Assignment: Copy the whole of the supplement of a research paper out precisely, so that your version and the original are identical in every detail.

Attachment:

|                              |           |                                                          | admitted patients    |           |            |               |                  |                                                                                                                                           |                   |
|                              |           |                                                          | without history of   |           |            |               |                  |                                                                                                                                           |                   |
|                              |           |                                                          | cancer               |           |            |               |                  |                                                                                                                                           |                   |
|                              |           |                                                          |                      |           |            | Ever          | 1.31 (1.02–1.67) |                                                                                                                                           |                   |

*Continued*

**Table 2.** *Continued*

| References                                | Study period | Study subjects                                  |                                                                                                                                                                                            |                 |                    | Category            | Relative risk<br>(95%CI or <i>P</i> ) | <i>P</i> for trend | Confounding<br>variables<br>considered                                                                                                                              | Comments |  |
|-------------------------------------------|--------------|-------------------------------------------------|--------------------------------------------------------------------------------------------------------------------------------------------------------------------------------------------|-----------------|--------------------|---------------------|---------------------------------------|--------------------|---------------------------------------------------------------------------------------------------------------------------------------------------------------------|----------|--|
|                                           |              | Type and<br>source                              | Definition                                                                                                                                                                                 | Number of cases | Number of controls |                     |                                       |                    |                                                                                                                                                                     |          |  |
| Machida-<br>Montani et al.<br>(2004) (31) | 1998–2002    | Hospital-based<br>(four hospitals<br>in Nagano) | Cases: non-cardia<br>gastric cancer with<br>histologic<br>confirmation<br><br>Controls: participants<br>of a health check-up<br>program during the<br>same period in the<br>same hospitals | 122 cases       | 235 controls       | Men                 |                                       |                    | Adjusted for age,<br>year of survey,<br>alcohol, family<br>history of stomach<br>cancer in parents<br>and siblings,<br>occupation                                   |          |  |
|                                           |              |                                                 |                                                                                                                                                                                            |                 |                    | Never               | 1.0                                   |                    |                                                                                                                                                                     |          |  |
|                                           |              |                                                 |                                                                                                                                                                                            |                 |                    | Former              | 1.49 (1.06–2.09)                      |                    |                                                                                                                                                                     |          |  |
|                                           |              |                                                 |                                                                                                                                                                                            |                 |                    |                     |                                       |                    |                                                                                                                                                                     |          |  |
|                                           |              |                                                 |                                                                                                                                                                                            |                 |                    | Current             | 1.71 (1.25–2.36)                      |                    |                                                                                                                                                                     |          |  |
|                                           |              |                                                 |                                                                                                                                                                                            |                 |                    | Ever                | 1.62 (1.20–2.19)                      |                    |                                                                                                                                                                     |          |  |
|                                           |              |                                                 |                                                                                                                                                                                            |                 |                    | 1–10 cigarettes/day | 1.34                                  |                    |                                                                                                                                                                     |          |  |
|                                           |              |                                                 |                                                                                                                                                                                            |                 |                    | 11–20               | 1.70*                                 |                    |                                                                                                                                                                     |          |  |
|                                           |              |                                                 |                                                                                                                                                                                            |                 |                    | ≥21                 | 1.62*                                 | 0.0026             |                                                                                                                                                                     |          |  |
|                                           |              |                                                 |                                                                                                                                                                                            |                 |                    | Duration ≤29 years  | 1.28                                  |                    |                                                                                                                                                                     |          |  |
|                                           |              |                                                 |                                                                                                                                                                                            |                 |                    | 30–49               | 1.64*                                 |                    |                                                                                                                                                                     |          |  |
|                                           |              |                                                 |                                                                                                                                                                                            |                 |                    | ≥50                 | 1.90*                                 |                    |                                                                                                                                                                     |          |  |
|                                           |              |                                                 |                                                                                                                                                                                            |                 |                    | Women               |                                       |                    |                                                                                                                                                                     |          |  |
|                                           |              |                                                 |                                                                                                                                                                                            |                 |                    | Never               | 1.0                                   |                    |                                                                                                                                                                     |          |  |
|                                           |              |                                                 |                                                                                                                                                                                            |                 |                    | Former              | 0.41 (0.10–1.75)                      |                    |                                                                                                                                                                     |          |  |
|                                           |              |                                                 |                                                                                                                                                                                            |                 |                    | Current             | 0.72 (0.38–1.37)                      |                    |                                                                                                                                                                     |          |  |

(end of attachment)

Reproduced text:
|                              |           |                                                          | admitted patients    |           |            |               |                  |                                                                                                                                           |                   |
|                              |           |                                                          | without history of   |           |            |               |                  |                                                                                                                                           |                   |
|                              |           |                                                          | cancer               |           |            |               |                  |                                                                                                                                           |                   |
|                              |           |                                                          |                      |           |            | Ever          | 1.31 (1.02–1.67) |                                                                                                                                           |                   |

*Continued*

**Table 2.** *Continued*

| References                                | Study period | Study subjects                                  |                                                                                                                                                                                            |                 |                    | Category            | Relative risk<br>(95%CI or <i>P</i> ) | <i>P</i> for trend | Confounding<br>variables<br>considered                                                                                                                              | Comments |  |
|-------------------------------------------|--------------|-------------------------------------------------|--------------------------------------------------------------------------------------------------------------------------------------------------------------------------------------------|-----------------|--------------------|---------------------|---------------------------------------|--------------------|---------------------------------------------------------------------------------------------------------------------------------------------------------------------|----------|--|
|                                           |              | Type and<br>source                              | Definition                                                                                                                                                                                 | Number of cases | Number of controls |                     |                                       |                    |                                                                                                                                                                     |          |  |
| Machida-<br>Montani et al.<br>(2004) (31) | 1998–2002    | Hospital-based<br>(four hospitals<br>in Nagano) | Cases: non-cardia<br>gastric cancer with<br>histologic<br>confirmation<br><br>Controls: participants<br>of a health check-up<br>program during the<br>same period in the<br>same hospitals | 122 cases       | 235 controls       | Men                 |                                       |                    | Adjusted for age,<br>year of survey,<br>alcohol, family<br>history of stomach<br>cancer in parents<br>and siblings,<br>occupation                                   |          |  |
|                                           |              |                                                 |                                                                                                                                                                                            |                 |                    | Never               | 1.0                                   |                    |                                                                                                                                                                     |          |  |
|                                           |              |                                                 |                                                                                                                                                                                            |                 |                    | Former              | 1.49 (1.06–2.09)                      |                    |                                                                                                                                                                     |          |  |
|                                           |              |                                                 |                                                                                                                                                                                            |                 |                    |                     |                                       |                    |                                                                                                                                                                     |          |  |
|                                           |              |                                                 |                                                                                                                                                                                            |                 |                    | Current             | 1.71 (1.25–2.36)                      |                    |                                                                                                                                                                     |          |  |
|                                           |              |                                                 |                                                                                                                                                                                            |                 |                    | Ever                | 1.62 (1.20–2.19)                      |                    |                                                                                                                                                                     |          |  |
|                                           |              |                                                 |                                                                                                                                                                                            |                 |                    | 1–10 cigarettes/day | 1.34                                  |                    |                                                                                                                                                                     |          |  |
|                                           |              |                                                 |                                                                                                                                                                                            |                 |                    | 11–20               | 1.70*                                 |                    |                                                                                                                                                                     |          |  |
|                                           |              |                                                 |                                                                                                                                                                                            |                 |                    | ≥21                 | 1.62*                                 | 0.0026             |                                                                                                                                                                     |          |  |
|                                           |              |                                                 |                                                                                                                                                                                            |                 |                    | Duration ≤29 years  | 1.28                                  |                    |                                                                                                                                                                     |          |  |
|                                           |              |                                                 |                                                                                                                                                                                            |                 |                    | 30–49               | 1.64*                                 |                    |                                                                                                                                                                     |          |  |
|                                           |              |                                                 |                                                                                                                                                                                            |                 |                    | ≥50                 | 1.90*                                 |                    |                                                                                                                                                                     |          |  |
|                                           |              |                                                 |                                                                                                                                                                                            |                 |                    | Women               |                                       |                    |                                                                                                                                                                     |          |  |
|                                           |              |                                                 |                                                                                                                                                                                            |                 |                    | Never               | 1.0                                   |                    |                                                                                                                                                                     |          |  |
|                                           |              |                                                 |                                                                                                                                                                                            |                 |                    | Former              | 0.41 (0.10–1.75)                      |                    |                                                                                                                                                                     |          |  |
|                                           |              |                                                 |                                                                                                                                                                                            |                 |                    | Current             | 0.72 (0.38–1.37)                      |                    |                                                                                                                                                                     |          |  |